required at all. For instance, in terms of applications to which Part 8 of
        Chapter 11 UCPR applies where correspondence is exchanged pursuant to r.
        444 and r. 445 the Court will generally decide the application on the basis of
        the contents of the letters between the applicant and the respondent written
        pursuant to that part which must be filed with the application. 14 The Court
        may receive affidavit evidence in relation to the application only if the Court

20.     If Counsel is opposing an interlocutory application then a careful assessment
        needs to be made as to whether or not an affidavit is necessary. It may be
        possible to successfully oppose an application by pointing out deficiencies in
        the evidence filed in support of the application without the need to rely on
        material in opposition.

21.     It is also necessary to consider who is best to provide the affidavit.
      r. 390 UCPR
      r. 26 and r. 28 UCPR
      r. 430(2) UCPR
      r. 447 UCPR
      r. 448(3) UCPR

22.     At the interlocutory stage it is often advantageous to have a solicitor swear
        an affidavit on the basis of information and belief rather than a potential
        witness at trial. This is because is avoids the other party having a sworn
        account from a potential witness in advance of trial. This can minimise
        credit issues due to a prior inconsistent statement particularly if one is
        dealing with an urgent interlocutory application where the witness does not
        have the benefit of having reviewed all of the discoverable documents or
        having their evidence seriously tested prior to swearing the affidavit. It is of
        no benefit to a client to succeed on an interlocutory application only to find
        that they are discredited at trial due to a hastily drawn.

23.     The source of the information and belief must be stated and the same
        material itself must be admissible.16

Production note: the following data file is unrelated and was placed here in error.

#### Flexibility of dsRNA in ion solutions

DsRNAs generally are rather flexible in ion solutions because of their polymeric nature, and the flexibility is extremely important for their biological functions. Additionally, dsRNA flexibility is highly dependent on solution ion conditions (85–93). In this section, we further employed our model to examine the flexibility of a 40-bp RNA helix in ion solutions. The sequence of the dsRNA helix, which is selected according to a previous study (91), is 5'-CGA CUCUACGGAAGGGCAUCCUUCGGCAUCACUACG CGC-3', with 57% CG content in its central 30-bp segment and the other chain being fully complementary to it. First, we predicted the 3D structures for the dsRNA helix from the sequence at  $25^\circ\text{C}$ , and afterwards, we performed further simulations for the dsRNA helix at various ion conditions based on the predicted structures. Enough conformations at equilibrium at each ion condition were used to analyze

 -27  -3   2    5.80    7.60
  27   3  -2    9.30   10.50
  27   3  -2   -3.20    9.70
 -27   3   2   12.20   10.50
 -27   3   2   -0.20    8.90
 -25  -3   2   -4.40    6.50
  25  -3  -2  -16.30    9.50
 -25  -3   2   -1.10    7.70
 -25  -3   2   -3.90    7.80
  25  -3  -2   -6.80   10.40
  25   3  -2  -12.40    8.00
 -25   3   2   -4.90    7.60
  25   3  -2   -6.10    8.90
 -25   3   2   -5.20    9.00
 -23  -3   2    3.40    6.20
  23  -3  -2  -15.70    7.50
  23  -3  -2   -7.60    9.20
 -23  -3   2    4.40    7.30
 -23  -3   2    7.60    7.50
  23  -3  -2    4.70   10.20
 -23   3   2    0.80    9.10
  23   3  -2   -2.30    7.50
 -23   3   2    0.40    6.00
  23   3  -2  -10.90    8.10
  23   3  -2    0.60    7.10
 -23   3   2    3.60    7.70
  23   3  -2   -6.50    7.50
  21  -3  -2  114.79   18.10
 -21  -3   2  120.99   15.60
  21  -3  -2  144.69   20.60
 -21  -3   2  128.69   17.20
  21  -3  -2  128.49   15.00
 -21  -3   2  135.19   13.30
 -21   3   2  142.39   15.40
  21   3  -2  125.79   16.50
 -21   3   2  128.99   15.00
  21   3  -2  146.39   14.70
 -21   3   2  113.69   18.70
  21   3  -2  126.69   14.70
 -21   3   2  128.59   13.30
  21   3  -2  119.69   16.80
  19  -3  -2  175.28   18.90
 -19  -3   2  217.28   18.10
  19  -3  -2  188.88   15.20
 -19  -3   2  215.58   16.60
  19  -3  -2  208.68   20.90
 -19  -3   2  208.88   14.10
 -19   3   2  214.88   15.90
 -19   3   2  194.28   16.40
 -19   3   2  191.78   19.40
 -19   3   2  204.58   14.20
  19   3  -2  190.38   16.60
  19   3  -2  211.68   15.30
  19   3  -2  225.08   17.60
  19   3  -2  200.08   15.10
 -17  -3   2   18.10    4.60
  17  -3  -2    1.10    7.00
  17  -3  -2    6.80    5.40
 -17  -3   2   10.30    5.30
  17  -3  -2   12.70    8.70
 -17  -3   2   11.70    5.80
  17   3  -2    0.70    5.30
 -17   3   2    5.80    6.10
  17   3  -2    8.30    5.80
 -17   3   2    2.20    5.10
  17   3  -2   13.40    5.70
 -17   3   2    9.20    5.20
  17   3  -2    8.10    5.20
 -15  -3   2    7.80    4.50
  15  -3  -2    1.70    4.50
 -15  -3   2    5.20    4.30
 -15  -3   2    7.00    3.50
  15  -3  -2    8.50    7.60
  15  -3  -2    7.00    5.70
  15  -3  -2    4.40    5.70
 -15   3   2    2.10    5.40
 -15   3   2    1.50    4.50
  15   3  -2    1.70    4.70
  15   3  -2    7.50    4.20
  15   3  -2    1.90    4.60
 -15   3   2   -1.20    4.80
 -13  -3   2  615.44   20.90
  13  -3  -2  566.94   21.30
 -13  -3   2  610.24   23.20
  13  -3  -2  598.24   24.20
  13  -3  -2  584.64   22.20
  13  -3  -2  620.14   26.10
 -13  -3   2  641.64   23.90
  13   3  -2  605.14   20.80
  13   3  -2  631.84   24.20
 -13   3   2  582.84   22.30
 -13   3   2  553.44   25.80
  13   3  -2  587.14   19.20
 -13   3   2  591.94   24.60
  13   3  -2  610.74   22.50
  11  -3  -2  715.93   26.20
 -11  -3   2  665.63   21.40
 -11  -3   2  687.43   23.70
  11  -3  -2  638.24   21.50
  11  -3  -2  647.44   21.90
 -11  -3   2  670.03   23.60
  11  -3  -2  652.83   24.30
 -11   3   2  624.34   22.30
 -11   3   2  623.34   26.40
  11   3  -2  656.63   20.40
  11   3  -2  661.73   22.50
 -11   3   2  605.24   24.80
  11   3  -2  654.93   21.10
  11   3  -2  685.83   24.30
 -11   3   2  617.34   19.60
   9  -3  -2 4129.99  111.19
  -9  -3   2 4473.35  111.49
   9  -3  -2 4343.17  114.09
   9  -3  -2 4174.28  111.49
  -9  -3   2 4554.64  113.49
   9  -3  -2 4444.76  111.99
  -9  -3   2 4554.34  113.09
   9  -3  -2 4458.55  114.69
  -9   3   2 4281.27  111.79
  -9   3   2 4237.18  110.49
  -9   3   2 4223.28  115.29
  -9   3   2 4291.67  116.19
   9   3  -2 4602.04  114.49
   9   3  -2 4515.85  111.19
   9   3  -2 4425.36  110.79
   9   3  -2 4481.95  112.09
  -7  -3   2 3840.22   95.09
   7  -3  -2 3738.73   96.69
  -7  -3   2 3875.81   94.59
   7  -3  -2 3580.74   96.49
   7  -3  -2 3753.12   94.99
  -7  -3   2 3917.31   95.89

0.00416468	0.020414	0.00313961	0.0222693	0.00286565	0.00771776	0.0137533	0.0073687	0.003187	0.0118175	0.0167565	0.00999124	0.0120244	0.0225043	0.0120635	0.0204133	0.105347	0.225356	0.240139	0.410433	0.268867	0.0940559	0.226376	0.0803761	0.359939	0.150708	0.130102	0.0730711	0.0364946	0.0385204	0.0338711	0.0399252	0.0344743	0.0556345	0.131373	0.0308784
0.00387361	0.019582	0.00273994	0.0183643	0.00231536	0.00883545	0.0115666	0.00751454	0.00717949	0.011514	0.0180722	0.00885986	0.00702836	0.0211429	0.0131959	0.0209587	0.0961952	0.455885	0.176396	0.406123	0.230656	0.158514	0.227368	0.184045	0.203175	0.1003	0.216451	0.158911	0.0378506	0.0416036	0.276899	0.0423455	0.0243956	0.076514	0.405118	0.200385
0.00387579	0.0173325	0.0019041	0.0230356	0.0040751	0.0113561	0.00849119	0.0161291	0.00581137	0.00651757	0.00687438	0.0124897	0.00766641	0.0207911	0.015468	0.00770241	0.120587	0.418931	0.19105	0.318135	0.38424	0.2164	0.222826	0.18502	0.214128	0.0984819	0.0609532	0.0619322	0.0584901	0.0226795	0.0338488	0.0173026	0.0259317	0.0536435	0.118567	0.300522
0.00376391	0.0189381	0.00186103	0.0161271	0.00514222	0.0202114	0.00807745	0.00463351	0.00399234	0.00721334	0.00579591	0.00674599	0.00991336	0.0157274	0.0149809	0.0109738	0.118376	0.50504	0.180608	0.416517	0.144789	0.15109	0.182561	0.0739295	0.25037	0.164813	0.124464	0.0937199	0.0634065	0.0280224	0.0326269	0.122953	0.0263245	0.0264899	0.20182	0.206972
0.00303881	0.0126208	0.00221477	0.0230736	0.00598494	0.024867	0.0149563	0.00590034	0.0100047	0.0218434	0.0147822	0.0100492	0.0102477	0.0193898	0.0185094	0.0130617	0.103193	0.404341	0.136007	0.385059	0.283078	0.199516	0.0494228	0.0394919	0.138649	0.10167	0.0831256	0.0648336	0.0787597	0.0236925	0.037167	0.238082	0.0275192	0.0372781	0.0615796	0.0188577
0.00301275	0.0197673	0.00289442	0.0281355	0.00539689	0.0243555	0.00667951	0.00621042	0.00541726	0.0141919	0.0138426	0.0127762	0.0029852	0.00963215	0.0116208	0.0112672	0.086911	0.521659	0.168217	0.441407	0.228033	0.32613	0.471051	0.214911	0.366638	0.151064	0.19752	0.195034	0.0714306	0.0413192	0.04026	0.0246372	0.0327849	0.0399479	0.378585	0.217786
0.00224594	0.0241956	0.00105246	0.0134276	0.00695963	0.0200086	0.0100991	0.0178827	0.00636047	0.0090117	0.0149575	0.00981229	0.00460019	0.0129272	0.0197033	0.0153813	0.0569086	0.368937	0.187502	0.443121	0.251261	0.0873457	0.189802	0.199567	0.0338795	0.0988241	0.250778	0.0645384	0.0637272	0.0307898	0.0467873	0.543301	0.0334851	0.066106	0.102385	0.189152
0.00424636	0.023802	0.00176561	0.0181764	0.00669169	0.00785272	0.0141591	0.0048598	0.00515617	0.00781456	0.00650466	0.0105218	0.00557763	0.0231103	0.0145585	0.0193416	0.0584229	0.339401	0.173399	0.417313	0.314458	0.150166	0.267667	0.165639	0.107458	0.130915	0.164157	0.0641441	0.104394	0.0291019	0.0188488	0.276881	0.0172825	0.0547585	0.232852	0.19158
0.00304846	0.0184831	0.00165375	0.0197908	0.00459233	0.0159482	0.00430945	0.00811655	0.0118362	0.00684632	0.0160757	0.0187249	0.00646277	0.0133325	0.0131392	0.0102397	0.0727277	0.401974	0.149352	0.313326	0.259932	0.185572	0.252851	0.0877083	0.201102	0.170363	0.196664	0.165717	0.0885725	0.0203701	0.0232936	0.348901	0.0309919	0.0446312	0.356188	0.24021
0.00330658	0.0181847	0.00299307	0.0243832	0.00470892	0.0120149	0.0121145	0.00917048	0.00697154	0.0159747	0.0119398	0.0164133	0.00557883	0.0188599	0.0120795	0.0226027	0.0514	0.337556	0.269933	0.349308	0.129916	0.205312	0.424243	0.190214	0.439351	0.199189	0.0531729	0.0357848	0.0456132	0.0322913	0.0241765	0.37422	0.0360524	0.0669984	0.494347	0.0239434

Drafting Affidavits

24.     While Counsel may generally rely upon Solicitors to draft the affidavits,
        Counsel may find that in urgent applications or in complex commercial
        matters where affidavits are being prepared for trial Junior Counsel will be
        required to draft affidavit material.      Even if Counsel does not draft the
        affidavits, they will generally be required to settle affidavit material for trial.

25.     It is important to identify the relevant evidence needed at trial and the
        witnesses who can provide the affidavit containing that evidence. This is
        determined by the pleadings and rules of evidence.

26.     Prior to drafting or settling an affidavit it is important that Counsel have a
        detailed knowledge of the discovered documents and to be across the legal
        and factual issues in the case. Thus Counsel must ensure that the affidavit
        evidence is framed to either establish factual issues needed to prove the
        plaintiff’s case or, if Counsel is acting for a defendant, to disprove the
        plaintiff’s case and establish the elements of defences which have been

      The source material must itself be admissible: Deputy Commissioner of Taxation v.
      Ahern (No. 2) (1988) 2 QdR 158 at 163 and 167.

27.   The drafting of an affidavit is a finally balanced exercise to ensure that the
      witness communicates their recollection of relevant events so far as possible
      in their own words, but where the lawyer needs to ensure that the evidence is
      presented in an articulate manner which addresses the relevant factual issues.
      The drafter must avoid the danger of “overdrafting” which results in the
      affidavit not being an authentic account of a witness’ evidence.

28.   An affidavit or statement which is not as far as possible, in the language of
      the witness, exposes that witness to extensive cross examination which may
      reveal that a witness does not know the meaning of the words used in their
      affidavit and ultimately lead to their being disbelieved because the affidavit
      does not accurately reflect their evidence.

29.   When drafting an affidavit the following matters should be taken into

      (a)      Evidence should be presented in an orderly manner.                    A
               chronological narrative is generally the most favourable although